Figures and Tables The data presented in the figures and tables throughout Sociology: The Core are as up to date as possible—and as user-friendly and accessible as we could make them. Whenever possible, we have created figures from published data instead of simply presenting percentages and numbers from statistical sources. In many cases, we have generated original analyses from

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publicly available data sets. Sources for figures and tables include the U.S. Census Bureau, the National Center for Health Statistics, the General Social Survey, the Statistical Abstract of the United States, the Population Reference Bureau, U.S. Department of Labor, the Uniform Crime Reports and National Crime Victimization Survey, and the Federal Reserve Survey of Consumer Finances.

Photographs and Cartoons Photographs and cartoons serve both to draw the students in and to illustrate important concepts and principles. Photo captions tie the photographs to the text, and cartoons, in addition to adding a light touch to the text and reinforcing important ideas, make points that can’t be made any other way.

References The tenth edition of Sociology: The Core presents new data and references throughout, including updates in family, immigration, religion, education, race and ethnicity, population, gender inequality, the recession and poverty, crimes, global warming, and wealth and income. It includes more than 170 new references, including articles from the major sociological journals, books, government documents and data sets, and popular media, nearly all published in 2008–2011. Full citations appear at the end of the text.

Changes in the Tenth Edition While the tenth edition retains all the core elements of the ninth edition, there are a number of significant additions and enhancements. The tenth edition: •



Includes a new section on hate crime and a completely revised “Technology and Crime” section in the deviance and crime chapter. Updates the discussion of family with extensively revised sections on cohabitation, child care, and the elderly.

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xxiv Preface















Collects the material on work and bureaucracies from various chapters into a new, single “Sociology of Work” section in Chapter 4, social groups and formal organizations. This new section includes information about open source work, the results-only workplace, self-employment, telecommuting, outsourcing, and the disproportionate disadvantages of an increasingly computerized job market. Uses Hogan et al.’s (2010) global maternal mortality study, Kristof and WuDunn’s 2009 book Half the Sky, and international test score comparison studies to update “Gender Inequality Around the World” in the gender chapter. Describes contemporary health care problems and suggestions for solutions in the medicine section of Chapter 11, including summaries of the U.S. reform package and of the types of health care systems around the world. Incorporates William J. Wilson’s 2009 book More than Just Race in a revision of “Race or Class?” in the consideration of inequalities of race and ethnicity. Presents a new assessment of the health of the planet, casts sociological perspectives on the environment in terms of climate change, and includes a critique by environmental sociologists. Adds Ann Swidler’s “culture as toolkit” idea and a new citation on the need for new and changing institutions to meet challenges of environmental crises to the discussion of culture and social structure. Clarifies replacement level fertility and related issues, adds new information on international migration, provides a new figure and information on sex ratio imbalances, and discusses global food security issues related to population.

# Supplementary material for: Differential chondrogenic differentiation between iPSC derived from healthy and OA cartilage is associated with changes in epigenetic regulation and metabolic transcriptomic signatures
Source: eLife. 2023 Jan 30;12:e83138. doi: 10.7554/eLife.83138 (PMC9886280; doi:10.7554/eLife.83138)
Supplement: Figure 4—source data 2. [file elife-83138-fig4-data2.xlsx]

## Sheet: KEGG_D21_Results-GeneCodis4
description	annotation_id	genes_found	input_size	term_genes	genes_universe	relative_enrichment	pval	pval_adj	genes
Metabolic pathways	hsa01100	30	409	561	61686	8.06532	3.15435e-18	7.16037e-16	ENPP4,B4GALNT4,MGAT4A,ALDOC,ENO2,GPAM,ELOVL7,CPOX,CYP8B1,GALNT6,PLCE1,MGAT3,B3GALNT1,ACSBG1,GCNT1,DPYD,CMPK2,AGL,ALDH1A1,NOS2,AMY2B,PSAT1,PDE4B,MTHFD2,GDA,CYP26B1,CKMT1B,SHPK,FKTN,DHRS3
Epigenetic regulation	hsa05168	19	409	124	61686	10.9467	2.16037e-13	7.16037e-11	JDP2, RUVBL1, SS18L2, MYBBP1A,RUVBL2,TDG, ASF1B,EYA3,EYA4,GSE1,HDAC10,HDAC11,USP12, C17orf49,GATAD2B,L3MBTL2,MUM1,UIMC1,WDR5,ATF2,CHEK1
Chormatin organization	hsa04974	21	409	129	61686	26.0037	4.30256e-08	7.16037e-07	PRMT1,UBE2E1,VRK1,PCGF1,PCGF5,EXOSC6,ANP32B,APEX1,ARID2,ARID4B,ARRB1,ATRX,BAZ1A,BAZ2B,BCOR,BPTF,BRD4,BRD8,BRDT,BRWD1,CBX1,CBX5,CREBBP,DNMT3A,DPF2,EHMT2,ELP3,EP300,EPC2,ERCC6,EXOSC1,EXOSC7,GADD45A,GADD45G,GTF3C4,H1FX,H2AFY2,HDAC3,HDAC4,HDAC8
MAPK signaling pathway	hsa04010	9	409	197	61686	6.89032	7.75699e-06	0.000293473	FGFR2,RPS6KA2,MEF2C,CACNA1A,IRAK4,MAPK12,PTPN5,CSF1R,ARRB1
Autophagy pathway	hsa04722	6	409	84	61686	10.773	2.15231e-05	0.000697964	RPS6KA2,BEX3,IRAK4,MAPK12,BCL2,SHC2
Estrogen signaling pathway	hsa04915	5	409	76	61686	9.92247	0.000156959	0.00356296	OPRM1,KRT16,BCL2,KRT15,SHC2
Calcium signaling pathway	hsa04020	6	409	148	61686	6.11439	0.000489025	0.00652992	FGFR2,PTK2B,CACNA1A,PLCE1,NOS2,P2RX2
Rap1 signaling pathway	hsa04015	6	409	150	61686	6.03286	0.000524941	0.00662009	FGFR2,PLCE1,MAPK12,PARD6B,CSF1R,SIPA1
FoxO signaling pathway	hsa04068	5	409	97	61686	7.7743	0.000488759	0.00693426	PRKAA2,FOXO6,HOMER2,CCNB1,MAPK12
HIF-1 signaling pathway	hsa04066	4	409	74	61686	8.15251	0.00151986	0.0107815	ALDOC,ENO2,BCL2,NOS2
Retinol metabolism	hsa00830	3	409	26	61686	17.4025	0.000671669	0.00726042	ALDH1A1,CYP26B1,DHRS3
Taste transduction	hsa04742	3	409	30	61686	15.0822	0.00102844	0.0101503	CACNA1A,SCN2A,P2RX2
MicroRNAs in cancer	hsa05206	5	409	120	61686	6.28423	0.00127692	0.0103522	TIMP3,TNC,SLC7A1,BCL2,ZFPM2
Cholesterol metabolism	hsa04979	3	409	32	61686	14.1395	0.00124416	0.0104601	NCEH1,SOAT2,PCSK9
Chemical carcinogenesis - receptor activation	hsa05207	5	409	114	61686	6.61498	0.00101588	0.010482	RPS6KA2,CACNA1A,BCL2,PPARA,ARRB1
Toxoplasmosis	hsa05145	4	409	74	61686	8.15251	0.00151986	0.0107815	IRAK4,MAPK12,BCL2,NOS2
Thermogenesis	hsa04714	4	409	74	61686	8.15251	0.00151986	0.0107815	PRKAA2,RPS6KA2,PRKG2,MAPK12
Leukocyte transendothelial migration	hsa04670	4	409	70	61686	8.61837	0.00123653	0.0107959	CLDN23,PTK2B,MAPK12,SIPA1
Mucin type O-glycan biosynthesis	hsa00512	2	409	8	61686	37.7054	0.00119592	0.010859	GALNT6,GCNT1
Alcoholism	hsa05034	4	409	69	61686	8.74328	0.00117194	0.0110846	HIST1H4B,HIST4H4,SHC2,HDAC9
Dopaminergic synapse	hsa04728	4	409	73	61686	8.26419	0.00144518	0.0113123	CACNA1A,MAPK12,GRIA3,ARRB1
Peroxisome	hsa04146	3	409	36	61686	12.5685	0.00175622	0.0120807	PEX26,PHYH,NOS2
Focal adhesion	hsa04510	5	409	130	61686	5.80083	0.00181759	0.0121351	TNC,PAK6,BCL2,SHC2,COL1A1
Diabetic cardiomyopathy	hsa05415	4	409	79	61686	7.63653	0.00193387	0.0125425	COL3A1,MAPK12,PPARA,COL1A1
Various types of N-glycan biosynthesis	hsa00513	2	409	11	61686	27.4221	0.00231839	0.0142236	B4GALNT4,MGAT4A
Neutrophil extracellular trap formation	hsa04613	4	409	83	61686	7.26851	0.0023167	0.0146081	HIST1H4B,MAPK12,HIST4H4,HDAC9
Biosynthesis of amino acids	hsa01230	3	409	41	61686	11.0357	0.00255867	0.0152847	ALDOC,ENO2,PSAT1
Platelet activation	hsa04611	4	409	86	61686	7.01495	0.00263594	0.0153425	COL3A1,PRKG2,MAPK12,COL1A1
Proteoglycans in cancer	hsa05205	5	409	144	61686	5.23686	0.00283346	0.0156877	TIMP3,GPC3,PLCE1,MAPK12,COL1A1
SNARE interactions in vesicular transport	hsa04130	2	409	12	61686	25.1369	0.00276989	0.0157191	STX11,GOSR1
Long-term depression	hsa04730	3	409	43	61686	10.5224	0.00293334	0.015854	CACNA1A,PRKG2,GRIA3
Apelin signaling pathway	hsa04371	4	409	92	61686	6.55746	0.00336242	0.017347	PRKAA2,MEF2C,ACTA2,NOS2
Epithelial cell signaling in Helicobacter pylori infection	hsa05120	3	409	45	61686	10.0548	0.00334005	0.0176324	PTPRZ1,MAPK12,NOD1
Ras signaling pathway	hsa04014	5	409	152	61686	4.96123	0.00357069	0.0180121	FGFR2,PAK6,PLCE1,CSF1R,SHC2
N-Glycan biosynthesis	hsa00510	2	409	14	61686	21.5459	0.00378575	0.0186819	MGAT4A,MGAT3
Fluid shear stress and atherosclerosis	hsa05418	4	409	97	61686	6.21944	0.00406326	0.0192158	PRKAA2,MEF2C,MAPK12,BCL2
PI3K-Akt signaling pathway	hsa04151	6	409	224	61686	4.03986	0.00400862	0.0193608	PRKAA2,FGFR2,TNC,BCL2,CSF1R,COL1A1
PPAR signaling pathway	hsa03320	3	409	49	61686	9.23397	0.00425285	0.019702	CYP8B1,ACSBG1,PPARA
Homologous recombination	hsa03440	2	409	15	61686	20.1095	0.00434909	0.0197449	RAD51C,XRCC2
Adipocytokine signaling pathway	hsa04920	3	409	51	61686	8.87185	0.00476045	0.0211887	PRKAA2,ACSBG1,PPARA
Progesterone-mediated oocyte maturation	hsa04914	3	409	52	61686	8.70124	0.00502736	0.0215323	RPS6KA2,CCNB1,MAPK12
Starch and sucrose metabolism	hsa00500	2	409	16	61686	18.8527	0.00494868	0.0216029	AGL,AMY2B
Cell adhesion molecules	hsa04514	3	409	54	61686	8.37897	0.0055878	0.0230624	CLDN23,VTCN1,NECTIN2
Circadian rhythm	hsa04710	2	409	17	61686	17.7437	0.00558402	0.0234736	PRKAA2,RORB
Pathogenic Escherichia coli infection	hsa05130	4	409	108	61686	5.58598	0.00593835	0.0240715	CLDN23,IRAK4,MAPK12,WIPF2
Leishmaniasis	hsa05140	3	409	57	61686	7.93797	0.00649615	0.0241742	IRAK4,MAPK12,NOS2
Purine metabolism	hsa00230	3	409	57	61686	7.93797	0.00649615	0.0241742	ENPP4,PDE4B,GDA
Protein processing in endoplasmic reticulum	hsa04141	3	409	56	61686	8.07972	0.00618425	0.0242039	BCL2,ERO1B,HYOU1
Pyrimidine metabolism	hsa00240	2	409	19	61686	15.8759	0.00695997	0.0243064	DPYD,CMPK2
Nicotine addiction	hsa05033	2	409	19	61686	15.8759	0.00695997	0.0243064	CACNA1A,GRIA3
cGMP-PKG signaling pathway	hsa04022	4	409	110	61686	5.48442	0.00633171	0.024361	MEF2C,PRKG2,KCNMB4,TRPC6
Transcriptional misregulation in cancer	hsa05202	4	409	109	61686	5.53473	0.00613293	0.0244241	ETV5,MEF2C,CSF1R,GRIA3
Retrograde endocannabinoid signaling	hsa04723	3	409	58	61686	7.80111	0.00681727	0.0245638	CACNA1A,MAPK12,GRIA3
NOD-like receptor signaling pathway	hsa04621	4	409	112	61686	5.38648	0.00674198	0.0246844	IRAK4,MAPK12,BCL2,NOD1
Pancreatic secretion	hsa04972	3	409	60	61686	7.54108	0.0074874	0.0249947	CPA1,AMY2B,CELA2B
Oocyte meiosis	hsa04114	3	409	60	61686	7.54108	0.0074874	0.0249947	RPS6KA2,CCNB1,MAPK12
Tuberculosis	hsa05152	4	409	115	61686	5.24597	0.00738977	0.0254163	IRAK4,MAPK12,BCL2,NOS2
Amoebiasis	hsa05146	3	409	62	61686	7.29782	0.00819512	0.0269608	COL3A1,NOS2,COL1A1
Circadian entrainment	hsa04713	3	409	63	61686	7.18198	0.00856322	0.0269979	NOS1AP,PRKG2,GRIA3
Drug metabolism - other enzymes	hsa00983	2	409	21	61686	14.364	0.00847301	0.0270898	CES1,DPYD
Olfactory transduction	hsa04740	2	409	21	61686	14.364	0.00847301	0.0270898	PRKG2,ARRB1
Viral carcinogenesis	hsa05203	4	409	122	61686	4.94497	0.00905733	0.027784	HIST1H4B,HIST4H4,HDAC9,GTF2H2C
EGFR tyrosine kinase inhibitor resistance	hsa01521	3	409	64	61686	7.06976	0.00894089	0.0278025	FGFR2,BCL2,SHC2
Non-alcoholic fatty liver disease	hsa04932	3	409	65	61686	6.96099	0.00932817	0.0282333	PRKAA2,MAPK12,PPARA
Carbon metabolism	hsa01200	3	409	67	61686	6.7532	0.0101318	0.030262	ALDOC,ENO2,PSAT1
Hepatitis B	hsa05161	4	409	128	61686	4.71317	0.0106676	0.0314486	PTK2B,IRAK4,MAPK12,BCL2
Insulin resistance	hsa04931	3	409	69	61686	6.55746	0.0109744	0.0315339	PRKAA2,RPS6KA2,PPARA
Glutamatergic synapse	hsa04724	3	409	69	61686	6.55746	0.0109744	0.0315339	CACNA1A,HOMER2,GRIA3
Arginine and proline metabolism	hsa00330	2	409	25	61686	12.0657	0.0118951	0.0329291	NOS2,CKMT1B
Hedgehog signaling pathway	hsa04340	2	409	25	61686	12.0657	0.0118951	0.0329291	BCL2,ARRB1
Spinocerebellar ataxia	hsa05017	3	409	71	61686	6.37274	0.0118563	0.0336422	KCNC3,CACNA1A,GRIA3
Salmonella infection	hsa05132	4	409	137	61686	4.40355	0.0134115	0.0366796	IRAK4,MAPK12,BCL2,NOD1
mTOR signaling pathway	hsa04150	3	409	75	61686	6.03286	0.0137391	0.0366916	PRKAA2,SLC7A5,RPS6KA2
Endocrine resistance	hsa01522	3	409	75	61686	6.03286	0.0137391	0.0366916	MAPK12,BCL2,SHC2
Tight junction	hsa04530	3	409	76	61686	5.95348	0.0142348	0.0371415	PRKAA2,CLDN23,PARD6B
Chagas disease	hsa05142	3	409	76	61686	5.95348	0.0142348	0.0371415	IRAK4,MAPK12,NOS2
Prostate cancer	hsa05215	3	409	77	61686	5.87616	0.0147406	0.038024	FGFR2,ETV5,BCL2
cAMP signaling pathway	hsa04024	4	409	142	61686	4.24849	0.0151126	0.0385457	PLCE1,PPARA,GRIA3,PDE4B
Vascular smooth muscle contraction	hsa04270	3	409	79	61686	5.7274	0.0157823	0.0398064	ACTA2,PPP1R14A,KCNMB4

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Expands the discussion of global inequality and provides an assessment of the effectiveness of U.S. aid for low-income families during the recent recession in the social stratification chapter. Includes new socialization research on how social factors affect and interact with neurocognition and neurological processes. Presents information about connections between social behavior and the economy from Akerlof and Shiller’s 2009 book Animal Spirits. Enhances the discussion of terrorism with recent research in the social change chapter.

Sociology: The Core was originally conceived and written by James W. Vander Zanden, and some of his work is retained in this tenth edition. However, he did not participate in this revision and is not responsible for any new material, changes, or additions in the tenth edition. Michael Hughes and Carolyn J. Kroehler are responsible for all of the revisions and changes in the fifth through the tenth editions.